Steele liked to illustrate the natural light of Southern Indiana in all seasons, but mostly during the warmer months of summer and autumn. Although he made a living by painting portraits in his studio, he preferred painting landscapes outdoors. He often wandered around his Brown County home and studio, called the House of the Singing Winds, to paint the surroundings that comforted and inspired him.
More than 50 of Steele’s impressionist paintings are displayed at his home, now part of the T.C. Steele State Historic Site, between Nashville and Bloomington.
“Steele opened Hoosiers’ eyes to the subtle beauty of Southern Indiana,” Perry says. “We don’t have dramatic landscape features, like mountains and oceans, but Steele’s landscapes made people realize our hills and woods are beautiful on their own. We get to see views that no longer exist.”
Chris Newlund, 66
Where to see her work: Brown County Art Gallery, Brown County Art Guild, Gallery II in Indianapolis
Favorite place to paint: Brown County
As a child, Chris Newlund was a nomad.
Her father worked in the military, and the family lived in Japan, Germany and Korea. On vacations, they visited art museums in Amsterdam, Paris, London and Rome.
The impressionist paintings she saw there were her favorites.
“I was a creative child. I’ve always liked the lively, visible, broken brush strokes of the French impressionists,” Chris says.
She later married and started a family. They lived in Chicago, where Chris worked as a photographer and had her own studio. After her children grew, she and her husband moved to Southern Indiana in 2002.
Once there, Chris quit photography and began painting with oil. As a member of the Indiana Plein Air Painters Association, she has won awards for her work in statewide shows, including Indiana Heritage Arts and the Hoosier Salon. Her artwork can also be found in corporate and private collections throughout Indiana and the United States, and in Brown County and Indianapolis galleries.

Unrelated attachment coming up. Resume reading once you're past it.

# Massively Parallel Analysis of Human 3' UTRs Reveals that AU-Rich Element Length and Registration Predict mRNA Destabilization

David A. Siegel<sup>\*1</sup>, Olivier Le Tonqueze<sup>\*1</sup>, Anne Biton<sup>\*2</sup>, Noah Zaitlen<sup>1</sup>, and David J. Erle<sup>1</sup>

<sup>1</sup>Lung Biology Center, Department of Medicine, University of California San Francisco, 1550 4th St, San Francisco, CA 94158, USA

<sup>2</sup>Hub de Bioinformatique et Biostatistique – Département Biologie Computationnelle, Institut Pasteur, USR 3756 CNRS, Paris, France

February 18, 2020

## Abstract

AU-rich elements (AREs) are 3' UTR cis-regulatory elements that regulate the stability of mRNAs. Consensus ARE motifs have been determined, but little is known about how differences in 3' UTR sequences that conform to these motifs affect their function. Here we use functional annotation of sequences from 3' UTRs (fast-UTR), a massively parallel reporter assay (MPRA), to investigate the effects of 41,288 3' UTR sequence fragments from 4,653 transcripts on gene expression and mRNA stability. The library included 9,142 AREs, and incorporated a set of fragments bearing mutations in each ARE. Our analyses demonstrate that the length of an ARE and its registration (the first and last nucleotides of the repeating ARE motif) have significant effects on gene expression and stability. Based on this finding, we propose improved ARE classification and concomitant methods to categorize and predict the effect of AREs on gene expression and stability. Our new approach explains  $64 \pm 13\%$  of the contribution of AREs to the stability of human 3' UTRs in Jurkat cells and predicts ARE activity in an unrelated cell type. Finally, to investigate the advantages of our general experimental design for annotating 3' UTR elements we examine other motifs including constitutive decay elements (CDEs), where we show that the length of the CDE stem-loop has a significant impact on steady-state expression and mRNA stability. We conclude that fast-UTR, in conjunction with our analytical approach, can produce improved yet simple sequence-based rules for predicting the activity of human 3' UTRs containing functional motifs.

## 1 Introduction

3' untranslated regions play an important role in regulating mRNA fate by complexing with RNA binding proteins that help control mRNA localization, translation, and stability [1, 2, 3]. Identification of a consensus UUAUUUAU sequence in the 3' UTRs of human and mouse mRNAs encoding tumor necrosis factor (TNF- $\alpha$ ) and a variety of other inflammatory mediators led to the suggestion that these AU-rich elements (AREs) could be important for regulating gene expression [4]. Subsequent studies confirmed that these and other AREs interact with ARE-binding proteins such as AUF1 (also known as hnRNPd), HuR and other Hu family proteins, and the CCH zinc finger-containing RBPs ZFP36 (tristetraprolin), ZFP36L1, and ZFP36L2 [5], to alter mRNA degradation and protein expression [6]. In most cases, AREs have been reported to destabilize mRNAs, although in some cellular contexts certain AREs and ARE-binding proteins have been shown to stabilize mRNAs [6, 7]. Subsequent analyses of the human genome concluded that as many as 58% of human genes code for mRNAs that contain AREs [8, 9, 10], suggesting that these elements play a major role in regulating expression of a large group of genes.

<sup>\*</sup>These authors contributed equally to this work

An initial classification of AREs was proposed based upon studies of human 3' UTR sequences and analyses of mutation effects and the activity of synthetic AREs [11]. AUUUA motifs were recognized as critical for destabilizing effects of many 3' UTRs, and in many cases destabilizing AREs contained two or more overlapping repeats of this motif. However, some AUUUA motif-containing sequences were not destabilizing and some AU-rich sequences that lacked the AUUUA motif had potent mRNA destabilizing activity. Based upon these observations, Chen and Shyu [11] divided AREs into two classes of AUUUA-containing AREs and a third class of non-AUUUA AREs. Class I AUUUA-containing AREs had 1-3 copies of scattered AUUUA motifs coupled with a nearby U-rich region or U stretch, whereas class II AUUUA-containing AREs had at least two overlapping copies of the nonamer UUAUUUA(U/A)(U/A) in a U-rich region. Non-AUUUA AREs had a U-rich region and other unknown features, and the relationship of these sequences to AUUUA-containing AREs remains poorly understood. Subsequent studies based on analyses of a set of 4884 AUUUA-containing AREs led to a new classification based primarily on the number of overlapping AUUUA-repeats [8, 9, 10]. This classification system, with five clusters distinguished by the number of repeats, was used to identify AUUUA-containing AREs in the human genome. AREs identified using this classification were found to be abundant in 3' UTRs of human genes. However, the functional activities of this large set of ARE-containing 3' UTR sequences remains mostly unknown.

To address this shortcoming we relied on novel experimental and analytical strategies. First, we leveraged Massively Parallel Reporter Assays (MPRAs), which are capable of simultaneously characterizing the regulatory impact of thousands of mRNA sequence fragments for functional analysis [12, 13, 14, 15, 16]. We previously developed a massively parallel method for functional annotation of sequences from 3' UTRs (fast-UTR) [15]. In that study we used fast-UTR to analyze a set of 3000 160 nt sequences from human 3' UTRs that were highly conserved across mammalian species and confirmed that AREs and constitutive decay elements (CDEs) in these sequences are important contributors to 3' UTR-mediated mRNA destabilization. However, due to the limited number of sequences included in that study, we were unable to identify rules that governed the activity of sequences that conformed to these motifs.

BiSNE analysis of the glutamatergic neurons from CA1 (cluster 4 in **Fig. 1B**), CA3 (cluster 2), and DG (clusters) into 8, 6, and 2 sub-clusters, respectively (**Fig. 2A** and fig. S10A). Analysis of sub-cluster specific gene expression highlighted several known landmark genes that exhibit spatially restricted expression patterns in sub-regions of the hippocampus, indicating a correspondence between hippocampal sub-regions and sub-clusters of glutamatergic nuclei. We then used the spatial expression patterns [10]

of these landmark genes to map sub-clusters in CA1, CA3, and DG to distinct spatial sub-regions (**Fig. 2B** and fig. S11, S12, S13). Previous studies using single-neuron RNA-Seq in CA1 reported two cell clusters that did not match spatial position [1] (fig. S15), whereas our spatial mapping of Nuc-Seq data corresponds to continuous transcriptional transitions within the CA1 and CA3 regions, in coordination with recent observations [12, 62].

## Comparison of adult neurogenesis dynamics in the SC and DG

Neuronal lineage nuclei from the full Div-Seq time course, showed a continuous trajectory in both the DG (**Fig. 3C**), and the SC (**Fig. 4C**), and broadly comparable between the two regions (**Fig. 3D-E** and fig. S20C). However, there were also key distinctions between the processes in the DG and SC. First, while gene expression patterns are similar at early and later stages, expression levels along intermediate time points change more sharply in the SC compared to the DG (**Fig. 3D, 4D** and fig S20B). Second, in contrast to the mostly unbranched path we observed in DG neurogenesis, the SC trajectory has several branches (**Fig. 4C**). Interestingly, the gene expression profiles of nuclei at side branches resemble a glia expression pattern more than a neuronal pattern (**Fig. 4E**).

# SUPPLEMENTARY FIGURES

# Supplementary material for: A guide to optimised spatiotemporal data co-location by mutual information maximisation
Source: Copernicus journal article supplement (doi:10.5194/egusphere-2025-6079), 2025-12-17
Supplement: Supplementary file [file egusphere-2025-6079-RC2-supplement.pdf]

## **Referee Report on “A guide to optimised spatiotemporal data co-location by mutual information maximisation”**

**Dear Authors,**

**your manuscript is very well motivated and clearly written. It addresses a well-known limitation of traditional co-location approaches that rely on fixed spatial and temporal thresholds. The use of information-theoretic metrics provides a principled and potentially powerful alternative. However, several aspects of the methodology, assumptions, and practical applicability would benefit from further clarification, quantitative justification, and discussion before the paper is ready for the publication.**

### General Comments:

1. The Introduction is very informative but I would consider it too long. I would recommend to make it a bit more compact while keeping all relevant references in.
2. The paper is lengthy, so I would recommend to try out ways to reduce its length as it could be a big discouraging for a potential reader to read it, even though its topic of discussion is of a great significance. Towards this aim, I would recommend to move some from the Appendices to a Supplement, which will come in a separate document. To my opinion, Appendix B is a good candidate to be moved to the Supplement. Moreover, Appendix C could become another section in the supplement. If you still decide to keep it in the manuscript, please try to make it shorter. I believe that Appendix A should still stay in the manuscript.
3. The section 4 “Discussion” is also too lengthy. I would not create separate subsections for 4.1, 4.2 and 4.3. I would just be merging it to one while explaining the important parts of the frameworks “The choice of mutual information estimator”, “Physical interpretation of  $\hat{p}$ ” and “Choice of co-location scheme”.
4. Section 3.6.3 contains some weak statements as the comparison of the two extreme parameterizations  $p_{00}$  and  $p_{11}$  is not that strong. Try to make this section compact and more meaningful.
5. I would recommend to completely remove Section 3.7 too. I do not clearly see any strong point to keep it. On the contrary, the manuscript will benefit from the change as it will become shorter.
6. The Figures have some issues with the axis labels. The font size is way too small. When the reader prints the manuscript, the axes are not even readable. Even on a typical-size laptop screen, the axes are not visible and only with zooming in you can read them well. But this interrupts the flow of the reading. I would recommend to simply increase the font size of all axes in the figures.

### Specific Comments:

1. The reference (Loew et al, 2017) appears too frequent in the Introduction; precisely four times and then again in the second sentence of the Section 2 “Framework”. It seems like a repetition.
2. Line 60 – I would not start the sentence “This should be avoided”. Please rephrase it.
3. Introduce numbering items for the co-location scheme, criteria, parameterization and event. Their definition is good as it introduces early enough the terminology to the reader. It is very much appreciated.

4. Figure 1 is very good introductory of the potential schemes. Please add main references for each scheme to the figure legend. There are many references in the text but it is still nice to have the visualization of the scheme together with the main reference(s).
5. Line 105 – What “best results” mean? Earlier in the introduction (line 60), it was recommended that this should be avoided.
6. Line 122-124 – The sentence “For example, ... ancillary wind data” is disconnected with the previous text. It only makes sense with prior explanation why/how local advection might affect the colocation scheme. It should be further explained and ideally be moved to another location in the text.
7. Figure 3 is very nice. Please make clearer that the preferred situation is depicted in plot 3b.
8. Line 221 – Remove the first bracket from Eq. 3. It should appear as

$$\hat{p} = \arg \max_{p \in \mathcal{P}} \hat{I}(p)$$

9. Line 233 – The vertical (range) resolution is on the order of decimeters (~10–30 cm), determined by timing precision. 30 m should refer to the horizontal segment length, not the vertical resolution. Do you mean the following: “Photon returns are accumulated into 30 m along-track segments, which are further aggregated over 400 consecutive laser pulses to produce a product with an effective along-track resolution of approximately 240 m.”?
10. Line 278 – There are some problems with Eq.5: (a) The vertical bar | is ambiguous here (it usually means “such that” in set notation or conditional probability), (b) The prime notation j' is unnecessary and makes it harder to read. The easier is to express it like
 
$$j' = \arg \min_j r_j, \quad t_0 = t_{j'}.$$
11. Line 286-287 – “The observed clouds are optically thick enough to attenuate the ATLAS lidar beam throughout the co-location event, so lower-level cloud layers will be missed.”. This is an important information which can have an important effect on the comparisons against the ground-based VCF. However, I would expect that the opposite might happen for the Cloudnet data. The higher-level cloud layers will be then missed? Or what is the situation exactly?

Looking back on her earlier works, Chris sees her progression as an artist.
“Every time you put a brush stroke down, you have decisions to make, like warm or cool colors, hard or soft edge, intensity or grayness and lightness or darkness,” Chris says. “You have to make those decisions carefully. Before I learned from workshops, I used to slap paint around.”
Chris has an indoor studio at home but usually paints outside, depending on the season. Her favorite areas include Brown County, New Harmony, West Baden, French Lick and Madison. While outdoors, she paints rapidly in anticipation of the change in lighting.
“It’s wonderful if you can actually get out to paint in the winter, because the sun is so low in the sky and you have a lot of long shadows,” Chris says. “Early morning is when the light is just right. The trees bring out the mists and the hollows. The land here also holds the moisture and gives some really nice atmospheric effects when the sun comes up.”